How farm families show affection and other emotions has changed over the generations, and for the better. 

Most Northern European and Asian immigrants who came to America to farm during the past couple centuries were reluctant to display their feelings openly, except perhaps at weddings and funerals.  Southern Europeans, chiefly Italian and Spanish immigrants, and African immigrants–mostly slaves, had fewer cultural restrictions about showing feelings.

My parents’ generation cautiously began the alteration in showing affection; my generation and that of our children, continued the shift.  I saw my father only once in my lifetime put his arm around Mom, when they visited me during my senior year of college, at the University of Colorado in Boulder. 

I had made a reservation for Sunday brunch after church in late September 1967 at a Ward, Colorado eatery.  While I was driving to this almost 10,000 foot elevation, I saw Dad put his arm around Mom in the back seat where he chose to sit, instead of either parent sitting with me in the front seat of the car.

My parents were both third generation German Americans.  They resembled the characters described wonderfully by Mildred Armstrong Kalish in her 2007 book, Little Heathens: Hard Times and High Spirits during the Great Depression.  They came from the same era.

“You could touch, hug, pat, or even kiss kittens, puppies, a favorite calf or horse, but you just didn’t do it to people,” wrote Kalish.  “If you achieved some prize in school like winning a spelling bee…or top honors in your class, you would be rewarded, along with some approving comments, with the old hearty handshake.”

My wife’s parents were less restrained in displaying their feelings.  They were second generation Japanese Americans who also experienced the Great Depression.

A family legend is that Marilyn’s Dad pinched his wife on her behind when he thought no one was looking during a photography session a few years after Marilyn and I married, which explains her surprised expression. 

Marilyn’s father was a farmer for a number of years until persons of Japanese ancestry on the West Coast were impounded in relocation camps when WWII broke out.  He and I developed a deep respect for each other, but he never showed me his affection in a physical way, though he hugged Marilyn from time to time.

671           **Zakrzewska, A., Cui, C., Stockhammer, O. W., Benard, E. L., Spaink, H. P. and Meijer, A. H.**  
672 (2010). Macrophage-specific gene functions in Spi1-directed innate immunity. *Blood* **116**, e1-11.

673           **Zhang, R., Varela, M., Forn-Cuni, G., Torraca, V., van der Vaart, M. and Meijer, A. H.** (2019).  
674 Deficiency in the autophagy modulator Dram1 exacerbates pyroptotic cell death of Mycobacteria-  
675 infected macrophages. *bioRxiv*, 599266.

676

Work was everything, and it needed to be, for most farm people during the generations before me.  Labor on farms was hard until machines gradually took over some of the most arduous chores like setting fence posts, hoeing, and milking dairy animals twice daily.

Displays of emotion and affection were generally unacceptable.  Most people of northern European stock bashfully approached moments when exhibition of relational bonds was required, such as when a newly wedded couple had to kiss at their dinner reception as the guests banged their drinking glasses with eating utensils.  

Expressions of exuberance were frowned upon.  Strict adherence to cultural practices that offered them a sense of behaving rightly was regarded as the road to heaven. 

Farm people of both sexes now embrace with hugs, as do others in our contemporary society.  It’s okay if men bump each other on the chest, exchange “high fives” or clasp each other in a hug.

The farm men in my Depression Support Group that met monthly for several years during the previous decade gave each other heartfelt bear hugs as we said “Goodbye” at the end of an intense sharing session. 

Research confirms that expressing emotional feelings appropriately is healthy.  A 2004 summary of emotional expression and health by Drs. Iris Mauss and James Gross in a book edited by Stanford University professor Dr. Ivan Nyklicek and several others, concluded, “Studies show that emotion suppression leads to transient increases in sympathetic activation of the cardiovascular system.” 

Hiding true feelings makes people feel anxious and releases adrenalin, which keys us up and activates cortisol discharge.  While moderate cortisol release diminishes cardiovascular and neural arousal, too much cortisol can reduce our immune competency and negatively affect our DNA. 

Studies by these and other social scientists that were published during the past two years confirm the conclusion that expressing emotions openly has healing effects, but within reason.  Unbridled release of feelings can have negative consequences on those around us, which is probably a built-in, inherited warning to the observers of these displays that triggers avoidance.

Generally though, expressing a broad range of emotions from happiness to sadness and demonstrating affiliation through physical gestures builds trust in human relationships and facilitates reciprocation of social support.

The upcoming holiday season is a good time to show our emotions and affection as we interact with family and friends.  Showing our feelings can help heal wounded areas of our psychological adjustment and help others with theirs too.

It’s feels good to say “Merry Christmas” with a hug.

Michael Rosmann is a Harlan, Iowa clinical psychologist (and fly-fisherman) who lives on the farm he shares with his wife.  Contact him at: